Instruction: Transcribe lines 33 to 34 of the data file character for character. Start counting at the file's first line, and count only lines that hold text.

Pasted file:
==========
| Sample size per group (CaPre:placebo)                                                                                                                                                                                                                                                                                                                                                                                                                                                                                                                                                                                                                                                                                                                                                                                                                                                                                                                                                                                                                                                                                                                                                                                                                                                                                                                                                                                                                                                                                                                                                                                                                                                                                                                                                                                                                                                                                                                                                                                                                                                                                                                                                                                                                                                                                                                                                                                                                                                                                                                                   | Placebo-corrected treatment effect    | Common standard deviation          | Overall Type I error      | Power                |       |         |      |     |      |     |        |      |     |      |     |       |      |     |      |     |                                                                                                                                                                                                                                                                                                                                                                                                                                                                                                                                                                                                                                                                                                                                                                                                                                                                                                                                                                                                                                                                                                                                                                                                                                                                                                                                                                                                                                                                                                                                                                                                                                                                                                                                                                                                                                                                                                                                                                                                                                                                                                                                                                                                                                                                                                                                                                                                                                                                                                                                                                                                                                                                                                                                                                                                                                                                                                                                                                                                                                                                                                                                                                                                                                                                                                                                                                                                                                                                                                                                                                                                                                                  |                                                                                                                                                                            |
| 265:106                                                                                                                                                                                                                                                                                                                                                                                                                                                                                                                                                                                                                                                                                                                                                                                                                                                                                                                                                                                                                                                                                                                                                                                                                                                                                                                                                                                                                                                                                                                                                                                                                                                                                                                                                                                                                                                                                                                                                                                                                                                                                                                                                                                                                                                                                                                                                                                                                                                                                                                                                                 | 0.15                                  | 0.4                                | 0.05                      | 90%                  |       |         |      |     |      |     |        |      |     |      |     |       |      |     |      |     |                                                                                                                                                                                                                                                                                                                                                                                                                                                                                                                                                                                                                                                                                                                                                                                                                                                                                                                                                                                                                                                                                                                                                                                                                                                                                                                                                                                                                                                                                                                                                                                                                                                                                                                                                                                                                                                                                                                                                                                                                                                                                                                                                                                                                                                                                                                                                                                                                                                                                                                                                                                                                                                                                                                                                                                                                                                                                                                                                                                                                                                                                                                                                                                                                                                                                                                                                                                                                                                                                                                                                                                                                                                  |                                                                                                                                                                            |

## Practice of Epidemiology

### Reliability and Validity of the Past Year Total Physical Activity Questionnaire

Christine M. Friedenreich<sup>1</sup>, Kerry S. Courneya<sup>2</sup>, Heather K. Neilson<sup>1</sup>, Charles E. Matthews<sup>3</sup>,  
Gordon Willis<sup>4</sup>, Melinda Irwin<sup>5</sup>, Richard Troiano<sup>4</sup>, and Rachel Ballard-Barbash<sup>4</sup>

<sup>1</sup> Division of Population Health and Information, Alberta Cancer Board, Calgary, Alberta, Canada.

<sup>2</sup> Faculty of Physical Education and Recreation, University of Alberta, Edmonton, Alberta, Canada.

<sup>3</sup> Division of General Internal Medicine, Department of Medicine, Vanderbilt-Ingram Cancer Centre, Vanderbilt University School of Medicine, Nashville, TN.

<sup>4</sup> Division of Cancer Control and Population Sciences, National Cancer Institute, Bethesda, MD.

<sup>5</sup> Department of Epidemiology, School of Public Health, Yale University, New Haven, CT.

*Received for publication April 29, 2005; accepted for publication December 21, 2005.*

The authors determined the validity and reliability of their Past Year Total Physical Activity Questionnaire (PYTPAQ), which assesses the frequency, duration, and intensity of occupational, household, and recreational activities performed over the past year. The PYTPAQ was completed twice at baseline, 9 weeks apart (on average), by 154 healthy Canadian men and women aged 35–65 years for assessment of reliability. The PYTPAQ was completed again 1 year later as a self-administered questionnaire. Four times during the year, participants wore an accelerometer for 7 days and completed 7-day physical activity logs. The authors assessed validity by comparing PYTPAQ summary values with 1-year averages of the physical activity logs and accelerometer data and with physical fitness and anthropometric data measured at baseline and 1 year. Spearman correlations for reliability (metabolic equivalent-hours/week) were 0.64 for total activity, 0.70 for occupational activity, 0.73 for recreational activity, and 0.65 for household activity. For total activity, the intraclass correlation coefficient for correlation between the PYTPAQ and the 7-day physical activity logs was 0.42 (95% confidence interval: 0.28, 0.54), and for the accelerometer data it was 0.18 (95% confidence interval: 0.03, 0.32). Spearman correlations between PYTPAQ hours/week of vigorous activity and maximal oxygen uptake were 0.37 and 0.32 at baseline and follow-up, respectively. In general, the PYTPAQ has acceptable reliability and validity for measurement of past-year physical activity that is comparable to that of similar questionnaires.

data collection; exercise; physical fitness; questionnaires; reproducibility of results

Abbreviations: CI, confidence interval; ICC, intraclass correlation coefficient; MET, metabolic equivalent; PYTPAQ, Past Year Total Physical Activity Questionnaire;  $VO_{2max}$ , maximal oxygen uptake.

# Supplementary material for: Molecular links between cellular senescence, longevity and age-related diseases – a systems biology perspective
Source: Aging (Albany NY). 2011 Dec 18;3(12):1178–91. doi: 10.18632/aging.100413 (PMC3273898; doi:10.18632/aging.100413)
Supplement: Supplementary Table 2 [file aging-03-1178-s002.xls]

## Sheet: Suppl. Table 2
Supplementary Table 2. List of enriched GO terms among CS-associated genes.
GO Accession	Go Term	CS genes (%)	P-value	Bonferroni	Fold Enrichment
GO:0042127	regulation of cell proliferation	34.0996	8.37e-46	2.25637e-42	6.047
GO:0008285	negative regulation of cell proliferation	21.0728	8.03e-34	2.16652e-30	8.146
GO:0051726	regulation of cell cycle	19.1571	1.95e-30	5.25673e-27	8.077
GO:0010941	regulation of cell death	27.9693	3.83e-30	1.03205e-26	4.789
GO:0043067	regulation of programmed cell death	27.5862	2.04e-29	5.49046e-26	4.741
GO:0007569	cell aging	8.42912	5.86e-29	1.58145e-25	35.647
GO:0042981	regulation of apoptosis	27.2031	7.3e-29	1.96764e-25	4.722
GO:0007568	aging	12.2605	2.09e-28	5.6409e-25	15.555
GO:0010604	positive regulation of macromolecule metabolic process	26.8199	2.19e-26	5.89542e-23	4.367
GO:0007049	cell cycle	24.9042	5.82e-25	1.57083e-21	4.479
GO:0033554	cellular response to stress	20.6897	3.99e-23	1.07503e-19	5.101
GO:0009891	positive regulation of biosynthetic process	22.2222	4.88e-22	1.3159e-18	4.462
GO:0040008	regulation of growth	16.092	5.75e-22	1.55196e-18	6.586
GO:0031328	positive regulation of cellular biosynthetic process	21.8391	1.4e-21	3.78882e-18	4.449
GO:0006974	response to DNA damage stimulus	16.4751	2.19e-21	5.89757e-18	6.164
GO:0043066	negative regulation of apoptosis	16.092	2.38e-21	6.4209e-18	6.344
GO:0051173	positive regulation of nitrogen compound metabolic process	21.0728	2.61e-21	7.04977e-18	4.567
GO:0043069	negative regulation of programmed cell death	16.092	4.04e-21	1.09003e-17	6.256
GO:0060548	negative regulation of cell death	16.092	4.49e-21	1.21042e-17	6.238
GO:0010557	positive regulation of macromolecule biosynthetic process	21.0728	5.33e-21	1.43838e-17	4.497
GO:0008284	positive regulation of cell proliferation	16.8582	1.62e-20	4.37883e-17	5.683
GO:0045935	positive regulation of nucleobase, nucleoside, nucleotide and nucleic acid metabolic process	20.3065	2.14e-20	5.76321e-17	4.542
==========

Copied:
GO:0009891	positive regulation of biosynthetic process	22.2222	4.88e-22	1.3159e-18	4.462
GO:0040008	regulation of growth	16.092	5.75e-22	1.55196e-18	6.586